|Copyright Sam Javanrouh,2009|
The other side of the thunderstorm anxiety coin in my house was my grandfather, who was the local fire chief. Being fire chief imbued Pop with a lot of Ripley's Believe-It-or Not kind of knowledge about things other people didn't know. Things like: If you dunked a cat in ice water all it's fur would fall out. I never asked for the empirical proof of how he came by this tidbit, but I think it was the white fire chief's helmet that graced him with this plethora of wisdom. The guys at the fire house seemed to think he was some sort of genius because they would look up at him in awe...or maybe it was disbelief... I never could tell. While the first rumble of distant thunder signaled Mom to go into hiding, Pop would run around the house and unplug every appliance with a cord on it from the wall sockets...except the lamps. Why the lamps were exempt from the rule is still a mystery, but since there weren't any circuit breakers other than the ones that were part of the ancient fuse boxes in our house, this might have not been a bad idea. Perhaps his subconscious fear of lightening originated from a particularly nasty aircraft crash that occurred during a vicious storm near our home-in the middle photo in the following link, Pop is the fire chief at the far left of the recovery crew. (http://www3.gendisasters.com/maryland/3859/elkton,-md-lightning-explodes-air-liner,-dec-1963)
And then, there was the Ball Lightning Incident, which was the antithesis of proof of Pop's vast knowledge of thunderstorms. It happened during a whopper of a storm that came up the Delaware River when I was about ten years old: a ball of bright blue fire shot through the screen door at the front of the house, traveled the entire with of the building, and exited through the open bathroom window, trailing a tail of white smoke behind it. It was accompanied by a loud sonic report and the aftershock of fracturing glass and took only seconds. My grandmother was snuggled down beneath the bedclothes in a Valium-induced haze and slept undisturbed through the whole thing. Thereafter the front door and windows remained firmly closed during any threatening weather, no matter how hot it got in the house upon orders of the local fire chief.
How I was never traumatized by my grandparents real or imagined fear of lightning I will never know. The simple fact is that I love the energy and power of thunderheads, I will run out into the downpour like a mad woman to embrace the wind driven rain. Maybe it's because I'm a Pisces, or maybe it's because I was raised not far from a river whose tides frequently pulled the storms in and out. I can smell the rain in the heavy atmosphere as the barometric pressure falls, and the hair will stand up on my arms in response to the gathering electricity of a thunderstorm.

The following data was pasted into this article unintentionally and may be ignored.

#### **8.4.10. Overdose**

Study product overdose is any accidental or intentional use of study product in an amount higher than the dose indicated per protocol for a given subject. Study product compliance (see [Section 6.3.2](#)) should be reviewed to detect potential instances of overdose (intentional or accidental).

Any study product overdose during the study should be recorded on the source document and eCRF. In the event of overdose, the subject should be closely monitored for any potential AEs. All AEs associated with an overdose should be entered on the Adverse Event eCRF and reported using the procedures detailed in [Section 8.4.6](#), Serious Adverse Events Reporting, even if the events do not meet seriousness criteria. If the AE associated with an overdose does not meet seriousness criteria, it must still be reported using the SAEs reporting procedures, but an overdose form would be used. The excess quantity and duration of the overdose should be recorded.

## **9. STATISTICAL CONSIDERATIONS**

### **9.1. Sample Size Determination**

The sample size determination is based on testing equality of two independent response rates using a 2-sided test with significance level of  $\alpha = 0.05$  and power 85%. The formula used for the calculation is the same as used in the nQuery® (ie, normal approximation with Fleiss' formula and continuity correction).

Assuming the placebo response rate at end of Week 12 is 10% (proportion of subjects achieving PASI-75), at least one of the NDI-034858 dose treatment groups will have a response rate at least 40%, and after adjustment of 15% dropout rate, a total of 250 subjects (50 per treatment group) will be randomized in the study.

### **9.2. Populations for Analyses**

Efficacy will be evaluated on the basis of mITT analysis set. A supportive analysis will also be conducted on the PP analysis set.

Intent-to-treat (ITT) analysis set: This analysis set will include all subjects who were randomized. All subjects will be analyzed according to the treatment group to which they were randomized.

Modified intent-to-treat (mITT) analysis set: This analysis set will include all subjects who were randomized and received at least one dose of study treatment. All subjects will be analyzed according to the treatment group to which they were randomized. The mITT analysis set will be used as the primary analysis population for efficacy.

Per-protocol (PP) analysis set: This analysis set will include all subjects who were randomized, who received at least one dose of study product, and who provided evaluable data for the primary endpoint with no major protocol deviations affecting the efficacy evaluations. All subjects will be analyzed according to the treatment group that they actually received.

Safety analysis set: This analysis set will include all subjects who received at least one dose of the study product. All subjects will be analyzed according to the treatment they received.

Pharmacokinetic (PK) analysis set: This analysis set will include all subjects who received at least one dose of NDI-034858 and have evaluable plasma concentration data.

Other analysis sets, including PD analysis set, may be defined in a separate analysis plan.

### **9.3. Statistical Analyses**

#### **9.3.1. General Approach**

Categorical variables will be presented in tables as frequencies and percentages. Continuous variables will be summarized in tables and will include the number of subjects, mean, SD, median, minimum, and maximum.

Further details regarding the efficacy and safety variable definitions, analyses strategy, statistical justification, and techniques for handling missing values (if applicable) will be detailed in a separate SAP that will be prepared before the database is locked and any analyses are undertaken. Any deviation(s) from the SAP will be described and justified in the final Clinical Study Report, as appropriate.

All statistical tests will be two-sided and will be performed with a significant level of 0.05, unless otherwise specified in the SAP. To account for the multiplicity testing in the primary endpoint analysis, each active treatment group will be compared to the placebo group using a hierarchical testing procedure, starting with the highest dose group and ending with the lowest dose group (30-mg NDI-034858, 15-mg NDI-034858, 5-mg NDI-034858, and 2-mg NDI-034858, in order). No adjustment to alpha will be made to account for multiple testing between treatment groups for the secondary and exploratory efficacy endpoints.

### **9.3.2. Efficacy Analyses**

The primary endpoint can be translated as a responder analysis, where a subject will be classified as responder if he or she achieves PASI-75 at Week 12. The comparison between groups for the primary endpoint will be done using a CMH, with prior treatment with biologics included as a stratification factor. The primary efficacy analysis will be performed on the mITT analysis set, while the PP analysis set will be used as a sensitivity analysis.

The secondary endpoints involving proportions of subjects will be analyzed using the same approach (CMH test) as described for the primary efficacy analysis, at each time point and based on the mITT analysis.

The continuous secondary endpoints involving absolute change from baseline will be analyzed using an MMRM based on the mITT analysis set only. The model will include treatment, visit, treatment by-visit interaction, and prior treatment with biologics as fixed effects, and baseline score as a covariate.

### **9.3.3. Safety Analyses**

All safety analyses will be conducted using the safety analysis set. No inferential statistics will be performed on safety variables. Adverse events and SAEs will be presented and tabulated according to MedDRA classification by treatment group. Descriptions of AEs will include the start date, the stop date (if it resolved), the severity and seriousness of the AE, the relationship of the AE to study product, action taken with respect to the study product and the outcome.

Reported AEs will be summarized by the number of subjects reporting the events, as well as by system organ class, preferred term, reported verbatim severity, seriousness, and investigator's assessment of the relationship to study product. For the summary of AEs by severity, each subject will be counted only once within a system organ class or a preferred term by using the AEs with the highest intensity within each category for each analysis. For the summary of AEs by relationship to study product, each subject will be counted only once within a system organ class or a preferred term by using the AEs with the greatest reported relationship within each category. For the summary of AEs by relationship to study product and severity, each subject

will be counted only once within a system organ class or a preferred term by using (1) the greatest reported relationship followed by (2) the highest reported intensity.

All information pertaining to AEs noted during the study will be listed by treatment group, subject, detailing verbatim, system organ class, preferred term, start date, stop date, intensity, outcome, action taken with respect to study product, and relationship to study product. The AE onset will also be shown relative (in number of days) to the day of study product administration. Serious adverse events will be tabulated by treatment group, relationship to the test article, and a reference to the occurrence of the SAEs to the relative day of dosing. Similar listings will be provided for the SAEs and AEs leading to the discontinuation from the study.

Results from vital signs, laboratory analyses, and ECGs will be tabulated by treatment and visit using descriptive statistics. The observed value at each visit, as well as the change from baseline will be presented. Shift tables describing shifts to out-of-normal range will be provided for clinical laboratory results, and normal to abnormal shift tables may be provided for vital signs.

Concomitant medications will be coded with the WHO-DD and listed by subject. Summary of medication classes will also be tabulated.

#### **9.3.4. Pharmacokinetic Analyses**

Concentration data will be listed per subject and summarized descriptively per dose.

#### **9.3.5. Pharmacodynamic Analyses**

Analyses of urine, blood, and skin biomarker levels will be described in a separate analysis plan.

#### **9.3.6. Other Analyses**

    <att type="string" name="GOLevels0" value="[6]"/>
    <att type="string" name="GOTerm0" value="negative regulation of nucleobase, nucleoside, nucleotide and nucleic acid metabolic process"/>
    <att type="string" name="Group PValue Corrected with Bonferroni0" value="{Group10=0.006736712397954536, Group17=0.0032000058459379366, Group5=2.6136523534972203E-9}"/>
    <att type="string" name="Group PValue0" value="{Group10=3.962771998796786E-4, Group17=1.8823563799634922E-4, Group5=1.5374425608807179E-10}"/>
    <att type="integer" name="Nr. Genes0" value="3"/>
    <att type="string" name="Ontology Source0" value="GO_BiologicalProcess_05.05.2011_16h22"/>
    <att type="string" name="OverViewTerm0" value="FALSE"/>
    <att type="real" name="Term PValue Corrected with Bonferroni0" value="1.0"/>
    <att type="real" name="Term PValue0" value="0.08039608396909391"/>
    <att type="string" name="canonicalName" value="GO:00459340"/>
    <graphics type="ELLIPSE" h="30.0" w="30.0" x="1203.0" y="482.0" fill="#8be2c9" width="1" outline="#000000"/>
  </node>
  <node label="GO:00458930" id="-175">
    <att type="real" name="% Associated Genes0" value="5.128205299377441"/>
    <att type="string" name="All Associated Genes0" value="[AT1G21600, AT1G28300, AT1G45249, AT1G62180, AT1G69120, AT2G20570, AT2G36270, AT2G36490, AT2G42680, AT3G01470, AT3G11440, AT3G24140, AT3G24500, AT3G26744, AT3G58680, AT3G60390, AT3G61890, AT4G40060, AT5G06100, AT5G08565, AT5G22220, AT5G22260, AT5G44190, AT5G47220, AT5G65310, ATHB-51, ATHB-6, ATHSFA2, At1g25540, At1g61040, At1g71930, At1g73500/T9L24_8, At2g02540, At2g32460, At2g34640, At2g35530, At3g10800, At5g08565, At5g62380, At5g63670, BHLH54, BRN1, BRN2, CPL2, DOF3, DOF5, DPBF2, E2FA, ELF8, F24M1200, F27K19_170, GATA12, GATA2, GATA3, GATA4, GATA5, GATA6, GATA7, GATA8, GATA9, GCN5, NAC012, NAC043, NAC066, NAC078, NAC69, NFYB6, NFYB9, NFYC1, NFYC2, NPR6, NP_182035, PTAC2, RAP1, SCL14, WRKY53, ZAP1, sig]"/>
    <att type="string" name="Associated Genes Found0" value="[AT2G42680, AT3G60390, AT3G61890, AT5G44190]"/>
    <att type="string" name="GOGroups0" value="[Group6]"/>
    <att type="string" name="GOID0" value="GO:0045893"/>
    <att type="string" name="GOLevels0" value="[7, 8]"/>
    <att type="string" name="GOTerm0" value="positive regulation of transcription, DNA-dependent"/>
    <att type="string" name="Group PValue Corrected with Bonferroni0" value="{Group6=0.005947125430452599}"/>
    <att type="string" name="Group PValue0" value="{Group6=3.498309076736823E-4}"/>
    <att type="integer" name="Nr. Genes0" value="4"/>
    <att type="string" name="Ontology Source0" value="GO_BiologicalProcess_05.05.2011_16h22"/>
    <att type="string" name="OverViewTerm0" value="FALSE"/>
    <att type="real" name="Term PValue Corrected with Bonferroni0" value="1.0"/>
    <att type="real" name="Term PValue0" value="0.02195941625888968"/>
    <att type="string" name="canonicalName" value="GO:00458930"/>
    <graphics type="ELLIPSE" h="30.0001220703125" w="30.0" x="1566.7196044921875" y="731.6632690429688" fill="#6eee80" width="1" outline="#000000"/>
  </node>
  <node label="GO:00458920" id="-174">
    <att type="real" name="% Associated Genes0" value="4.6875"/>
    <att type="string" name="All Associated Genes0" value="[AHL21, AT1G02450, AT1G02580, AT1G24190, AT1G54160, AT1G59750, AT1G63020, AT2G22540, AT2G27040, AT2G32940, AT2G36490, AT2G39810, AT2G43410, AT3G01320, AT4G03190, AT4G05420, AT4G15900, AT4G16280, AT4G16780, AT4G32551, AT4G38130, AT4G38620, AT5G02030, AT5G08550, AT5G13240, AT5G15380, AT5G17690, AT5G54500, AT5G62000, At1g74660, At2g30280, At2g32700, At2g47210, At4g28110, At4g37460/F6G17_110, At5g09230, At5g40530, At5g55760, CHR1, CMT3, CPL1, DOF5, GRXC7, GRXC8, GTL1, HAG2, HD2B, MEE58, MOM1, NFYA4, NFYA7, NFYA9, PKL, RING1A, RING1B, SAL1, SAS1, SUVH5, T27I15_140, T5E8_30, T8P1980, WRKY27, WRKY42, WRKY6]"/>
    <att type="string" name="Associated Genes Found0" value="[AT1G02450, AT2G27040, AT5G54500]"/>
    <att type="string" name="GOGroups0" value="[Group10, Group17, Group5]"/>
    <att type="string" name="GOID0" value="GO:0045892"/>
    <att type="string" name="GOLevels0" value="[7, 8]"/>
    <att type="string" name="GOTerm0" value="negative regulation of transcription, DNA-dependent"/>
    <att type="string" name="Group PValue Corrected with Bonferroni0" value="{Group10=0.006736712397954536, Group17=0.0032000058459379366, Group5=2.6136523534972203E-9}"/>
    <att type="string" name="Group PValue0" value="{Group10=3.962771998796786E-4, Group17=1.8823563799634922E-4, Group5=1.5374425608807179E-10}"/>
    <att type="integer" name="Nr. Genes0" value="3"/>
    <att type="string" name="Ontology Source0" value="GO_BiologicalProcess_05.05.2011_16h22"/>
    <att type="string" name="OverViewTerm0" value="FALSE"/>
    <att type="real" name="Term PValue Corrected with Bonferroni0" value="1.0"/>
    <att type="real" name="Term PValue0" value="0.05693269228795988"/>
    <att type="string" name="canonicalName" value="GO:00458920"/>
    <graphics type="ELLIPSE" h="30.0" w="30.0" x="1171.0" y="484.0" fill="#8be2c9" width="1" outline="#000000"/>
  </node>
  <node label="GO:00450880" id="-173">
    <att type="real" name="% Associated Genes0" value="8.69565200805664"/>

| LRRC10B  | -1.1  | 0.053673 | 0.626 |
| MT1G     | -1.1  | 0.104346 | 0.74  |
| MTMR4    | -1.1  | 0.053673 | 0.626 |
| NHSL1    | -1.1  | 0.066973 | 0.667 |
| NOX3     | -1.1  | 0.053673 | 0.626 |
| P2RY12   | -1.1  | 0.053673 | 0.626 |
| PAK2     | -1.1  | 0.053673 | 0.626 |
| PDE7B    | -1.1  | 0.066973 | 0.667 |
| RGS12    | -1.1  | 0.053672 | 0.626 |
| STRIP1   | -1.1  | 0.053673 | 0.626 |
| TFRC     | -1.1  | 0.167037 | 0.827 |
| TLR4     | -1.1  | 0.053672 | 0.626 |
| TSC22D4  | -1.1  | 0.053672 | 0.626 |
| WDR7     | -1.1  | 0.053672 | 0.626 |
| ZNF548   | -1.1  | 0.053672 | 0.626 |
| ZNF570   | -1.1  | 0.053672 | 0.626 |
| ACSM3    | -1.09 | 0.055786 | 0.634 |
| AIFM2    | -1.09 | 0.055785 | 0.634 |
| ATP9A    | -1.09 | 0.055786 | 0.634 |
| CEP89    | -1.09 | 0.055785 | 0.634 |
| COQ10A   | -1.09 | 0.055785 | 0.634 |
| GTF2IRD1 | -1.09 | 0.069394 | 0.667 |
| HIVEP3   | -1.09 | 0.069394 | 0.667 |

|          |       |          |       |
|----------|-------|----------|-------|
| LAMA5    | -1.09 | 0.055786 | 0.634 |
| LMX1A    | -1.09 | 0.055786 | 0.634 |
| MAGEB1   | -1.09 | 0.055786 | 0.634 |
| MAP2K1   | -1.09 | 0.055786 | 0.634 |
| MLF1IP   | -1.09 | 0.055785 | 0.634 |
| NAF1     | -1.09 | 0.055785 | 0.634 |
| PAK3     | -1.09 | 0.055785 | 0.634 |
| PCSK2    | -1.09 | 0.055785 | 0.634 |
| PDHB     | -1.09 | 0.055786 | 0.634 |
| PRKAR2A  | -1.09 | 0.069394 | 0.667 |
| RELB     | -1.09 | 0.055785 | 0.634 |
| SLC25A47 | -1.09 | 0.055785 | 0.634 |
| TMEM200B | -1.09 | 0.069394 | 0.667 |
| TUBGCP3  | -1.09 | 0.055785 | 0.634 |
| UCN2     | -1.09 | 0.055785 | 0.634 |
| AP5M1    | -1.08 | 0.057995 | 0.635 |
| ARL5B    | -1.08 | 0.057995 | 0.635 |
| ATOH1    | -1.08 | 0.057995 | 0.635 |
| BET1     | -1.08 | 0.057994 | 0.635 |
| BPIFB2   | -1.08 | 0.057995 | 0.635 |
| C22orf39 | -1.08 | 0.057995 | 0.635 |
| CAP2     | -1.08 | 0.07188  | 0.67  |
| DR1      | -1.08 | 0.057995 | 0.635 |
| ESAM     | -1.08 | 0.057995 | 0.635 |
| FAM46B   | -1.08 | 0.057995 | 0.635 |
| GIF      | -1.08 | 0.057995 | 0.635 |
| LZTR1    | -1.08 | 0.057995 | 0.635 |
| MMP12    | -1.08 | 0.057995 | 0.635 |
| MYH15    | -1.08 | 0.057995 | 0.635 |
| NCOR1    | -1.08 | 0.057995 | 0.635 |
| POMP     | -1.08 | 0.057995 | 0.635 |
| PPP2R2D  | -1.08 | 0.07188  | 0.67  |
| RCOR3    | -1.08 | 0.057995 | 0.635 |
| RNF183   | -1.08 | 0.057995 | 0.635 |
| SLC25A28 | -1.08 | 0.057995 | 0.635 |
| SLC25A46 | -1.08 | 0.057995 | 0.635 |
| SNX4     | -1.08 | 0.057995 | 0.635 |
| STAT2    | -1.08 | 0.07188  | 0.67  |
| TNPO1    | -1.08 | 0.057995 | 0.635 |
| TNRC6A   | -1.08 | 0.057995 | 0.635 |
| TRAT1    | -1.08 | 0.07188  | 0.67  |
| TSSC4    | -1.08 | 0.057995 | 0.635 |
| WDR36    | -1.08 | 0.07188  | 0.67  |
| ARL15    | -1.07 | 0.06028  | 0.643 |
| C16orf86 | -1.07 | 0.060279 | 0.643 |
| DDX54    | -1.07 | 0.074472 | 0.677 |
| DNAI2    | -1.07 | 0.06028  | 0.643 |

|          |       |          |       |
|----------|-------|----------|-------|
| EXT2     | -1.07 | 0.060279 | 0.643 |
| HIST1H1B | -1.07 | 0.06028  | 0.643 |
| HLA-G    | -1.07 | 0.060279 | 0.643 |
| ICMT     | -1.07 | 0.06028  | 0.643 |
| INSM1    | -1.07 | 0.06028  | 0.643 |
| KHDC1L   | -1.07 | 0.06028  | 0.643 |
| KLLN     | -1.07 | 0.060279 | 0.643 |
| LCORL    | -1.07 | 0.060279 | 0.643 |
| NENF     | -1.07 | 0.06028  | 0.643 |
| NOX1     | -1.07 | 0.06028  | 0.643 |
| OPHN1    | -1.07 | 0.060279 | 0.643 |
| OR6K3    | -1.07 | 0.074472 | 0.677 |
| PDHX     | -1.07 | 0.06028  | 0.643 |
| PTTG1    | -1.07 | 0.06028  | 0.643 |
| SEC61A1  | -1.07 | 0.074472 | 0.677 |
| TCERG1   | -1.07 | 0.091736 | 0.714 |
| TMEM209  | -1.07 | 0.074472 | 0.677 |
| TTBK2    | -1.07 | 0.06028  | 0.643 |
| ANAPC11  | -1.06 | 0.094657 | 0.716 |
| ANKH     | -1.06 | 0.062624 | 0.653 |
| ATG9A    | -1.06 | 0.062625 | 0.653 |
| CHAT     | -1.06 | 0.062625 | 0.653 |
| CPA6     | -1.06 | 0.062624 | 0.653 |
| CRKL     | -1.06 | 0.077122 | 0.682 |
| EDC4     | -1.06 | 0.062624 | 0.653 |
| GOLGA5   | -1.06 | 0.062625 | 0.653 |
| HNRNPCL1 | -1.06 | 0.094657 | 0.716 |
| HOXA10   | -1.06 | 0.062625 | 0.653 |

Myth about the fear of thunder and lightning was once credited to the anger of the gods. In fact, one of the identifying attributes of Thor is the lightning bolt.(http://en.wikipedia.org/wiki/Thor) The lightning of Thor is often represented by the swastika, which is also a symbol of power in the Hindu, Buddhist and Jain religions. Native Americans recognize it as one of many representations of the Sun Wheel. Thunderbirds-a stylized form of the eagle- are thought to carry lightning bolts in their talons.The right facing swastika was adopted as the symbol of the Nazi Party during the 1920s as an amulet of power. It is said that the mighty Roman god Jove kept eagles to hurl thunderbolts as punishment for men.
Folk magick abounds with lightning lore: wood taken from a tree struck by lightning should never be used in a fireplace lest it attract lightning to the house. Mirrors are covered so as not to absorb or attract it in some places, while in others mirrors are set out to taken in the energy. Planting holly around the foundation of a home is said to deflect lightning, as well as elder, hazel or acorns kept in the dwelling. ( Cassell's Dictionary of Superstitions, pg. 157) A fire started by a lightning strike should be allowed to burn out on its own, and the charred wood gathered to be used in magick. A particular prized find were Devil's pebbles, beads of melted glass caused by lightning striking sand.
The Navajo have many taboos concerning lightning; items such as wood or stones should only be handled by a shaman because they have sacred significance. ( http://navajocentral.org/navajotaboos/taboos_nature.html ) Some Navajo blankets have patterns inspired by lightning in them.
Wiccan Author Scott Cunningham ( 1956-1993), an adept at elemental magick, recommended charging personal healing,protection and power items during thunderstorms by placing them in a secure open spot where the items will be exposed to the rain and reflection of lightning. Cunningham taught that since lightning storms are periods of intense power, the spells cast during them will be amplified. He advised that protection spells would particularly benefit from this energetic boost. (Scott Cunningham,Earth, Air, Fire and Water, pg. 189)
Ultimate respect should always be used when employing elemental magic. The forces of Nature are unpredictable, and therefore when practicing in the outdoors-particularly during a thunderstorm- I urge you to use caution and common sense. The feeling of lightning flashing all around you is indeed exhilarating, but standing in a clearing and pointing your wand at the sky during a violent storm with the hope of commanding the elements will make you more of a lightning rod than a magickian. Practice with safety first in mind!